'We cannot apologize enough': More from Sun Country on leaving people in Mexico

Note: The Sun Country employee in this photo was NOT responsible for canceling people's flights from Mexico. In fact, Sen. Tina Smith thinks the company's problem might be laying off customer service employees like her.

Note: The Sun Country employee in this photo was NOT responsible for canceling people's flights from Mexico. In fact, Sen. Tina Smith thinks the company's problem might be laying off customer service employees like her. Renee Jones Schneider, Star Tribune

Sun Country executives (and its fun new ownership group) must've hoped to wake up Monday and learn their customer service and public relations disaster was just a nightmare.

In fact, it's real, and news that the Minnesota-headquartered company left two groups of paying customers stranded in Mexico only spread further and wider Monday. The Washington Post, USA Today, Reuters, Newsweek, CBS News, the Chicago Tribune, TIME Magazine, and the Daily Mail picked up the story, among others. The only thing a corporate CEO fears more than this much bad press is getting called to testify in Congress.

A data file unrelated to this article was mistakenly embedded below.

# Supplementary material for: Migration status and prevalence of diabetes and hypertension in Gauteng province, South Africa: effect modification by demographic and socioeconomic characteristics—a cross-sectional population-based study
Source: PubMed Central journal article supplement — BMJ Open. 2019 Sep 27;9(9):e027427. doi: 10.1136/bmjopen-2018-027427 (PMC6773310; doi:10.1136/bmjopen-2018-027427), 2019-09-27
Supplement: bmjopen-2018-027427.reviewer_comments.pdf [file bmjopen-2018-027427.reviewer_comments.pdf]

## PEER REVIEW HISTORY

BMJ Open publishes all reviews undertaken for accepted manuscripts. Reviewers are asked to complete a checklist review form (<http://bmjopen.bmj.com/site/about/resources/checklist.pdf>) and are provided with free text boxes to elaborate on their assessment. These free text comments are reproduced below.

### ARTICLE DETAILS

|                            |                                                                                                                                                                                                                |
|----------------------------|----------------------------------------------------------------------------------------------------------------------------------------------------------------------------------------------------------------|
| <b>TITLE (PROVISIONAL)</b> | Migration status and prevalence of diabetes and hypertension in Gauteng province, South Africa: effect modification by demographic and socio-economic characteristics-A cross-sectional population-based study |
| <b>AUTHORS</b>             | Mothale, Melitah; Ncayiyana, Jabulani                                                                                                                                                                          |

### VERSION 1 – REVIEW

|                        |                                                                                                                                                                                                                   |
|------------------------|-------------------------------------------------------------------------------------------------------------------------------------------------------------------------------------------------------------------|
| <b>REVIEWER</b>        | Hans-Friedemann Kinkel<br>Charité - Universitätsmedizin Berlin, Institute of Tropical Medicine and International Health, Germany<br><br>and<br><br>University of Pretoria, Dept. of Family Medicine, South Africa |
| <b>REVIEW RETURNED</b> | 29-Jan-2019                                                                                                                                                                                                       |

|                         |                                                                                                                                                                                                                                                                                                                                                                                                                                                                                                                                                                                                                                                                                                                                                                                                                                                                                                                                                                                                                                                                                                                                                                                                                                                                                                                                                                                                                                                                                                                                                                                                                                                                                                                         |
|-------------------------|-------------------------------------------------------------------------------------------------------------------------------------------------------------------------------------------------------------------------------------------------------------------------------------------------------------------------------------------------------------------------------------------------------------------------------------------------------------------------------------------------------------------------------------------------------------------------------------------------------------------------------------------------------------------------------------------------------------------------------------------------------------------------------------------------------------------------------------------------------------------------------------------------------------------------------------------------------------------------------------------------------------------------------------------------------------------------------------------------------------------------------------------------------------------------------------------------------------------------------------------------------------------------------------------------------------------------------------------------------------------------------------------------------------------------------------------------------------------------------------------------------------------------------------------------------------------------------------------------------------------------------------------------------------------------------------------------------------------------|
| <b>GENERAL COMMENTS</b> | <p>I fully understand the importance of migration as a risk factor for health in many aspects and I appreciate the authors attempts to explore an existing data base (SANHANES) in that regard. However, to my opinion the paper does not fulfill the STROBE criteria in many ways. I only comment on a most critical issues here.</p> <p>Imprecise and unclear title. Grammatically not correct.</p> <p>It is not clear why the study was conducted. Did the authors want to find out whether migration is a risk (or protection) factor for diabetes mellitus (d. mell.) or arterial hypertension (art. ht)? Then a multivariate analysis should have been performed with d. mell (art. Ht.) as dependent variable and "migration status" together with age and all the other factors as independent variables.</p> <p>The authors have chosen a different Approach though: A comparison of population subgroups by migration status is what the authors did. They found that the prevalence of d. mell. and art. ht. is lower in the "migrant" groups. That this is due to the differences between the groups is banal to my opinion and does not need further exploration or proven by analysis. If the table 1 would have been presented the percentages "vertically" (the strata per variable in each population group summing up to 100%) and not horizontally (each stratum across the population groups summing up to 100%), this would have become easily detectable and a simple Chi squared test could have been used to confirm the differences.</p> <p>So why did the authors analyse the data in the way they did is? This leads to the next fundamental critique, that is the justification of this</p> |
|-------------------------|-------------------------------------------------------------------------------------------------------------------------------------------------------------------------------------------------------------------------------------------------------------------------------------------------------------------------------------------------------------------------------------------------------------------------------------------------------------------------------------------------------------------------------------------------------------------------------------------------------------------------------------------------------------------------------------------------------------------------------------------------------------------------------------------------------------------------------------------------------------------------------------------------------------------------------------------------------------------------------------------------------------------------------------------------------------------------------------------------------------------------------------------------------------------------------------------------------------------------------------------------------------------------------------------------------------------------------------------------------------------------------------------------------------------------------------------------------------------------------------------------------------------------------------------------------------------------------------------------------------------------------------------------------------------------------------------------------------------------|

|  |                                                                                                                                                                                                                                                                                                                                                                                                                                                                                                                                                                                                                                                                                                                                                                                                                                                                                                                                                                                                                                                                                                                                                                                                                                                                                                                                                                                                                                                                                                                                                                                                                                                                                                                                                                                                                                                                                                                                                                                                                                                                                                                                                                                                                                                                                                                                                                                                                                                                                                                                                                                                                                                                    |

That might be next. DFL U.S. Sen. Tina Smith authored a letter to the U.S. Department of Transportation, expressing her "serious concerns" about Sun Country's decision to strand "approximately 250 travelers" in the Mexican resort towns of Mazatlan and San Jose del Cabo. 

Sun Country informed customers their return flights to Minneapolis-St. Paul International Airport were not only canceled due to our epic April snowstorm, but had been the airline's last scheduled flights from those locations this season. These passengers would be refunded the price of their Sun Country tickets, but as Smith observes, finding one's own way back on such short notice could wind up costing more than the refund:

"Some travelers account having to fly into neighboring airports in Chicago and then driving the remaining distance due to costly airline tickets and additional delays along the return route, costing one family nearly $2,000 to return home. Other travelers had to book last-minute one-way tickets onalternative airlines, which cost travelers $600-$900 each and without guarantee of a direct route to MSP [Airport]."

Smith also faults Sun Country for travelers' inability to wring information out of the airline. Its desks in those Mexican airports were reportedly closed, and calls to the general service line could result in waits of 24 hours (!) or more before reaching someone on the phone.

Smith notes that in one of its first moves after being purchased by Apollo Global Management, a Wall Street private equity fund, the airline laid off 350-some service employees, whose jobs were then outsourced to a Canadian management firm. (The employees were eligible to reapply for their positions, though for lower pay and less generous benefits.)

"As many travelers are already financially squeezed by the airline industry," Smith continues, "it is troublesome tosee a domestic carrier abandoning its passengers in a foreign country, forcing them to find their ownway home and to incur further expense of time and money. This failure to act by Sun Country sets anegative precedent for other airlines to follow."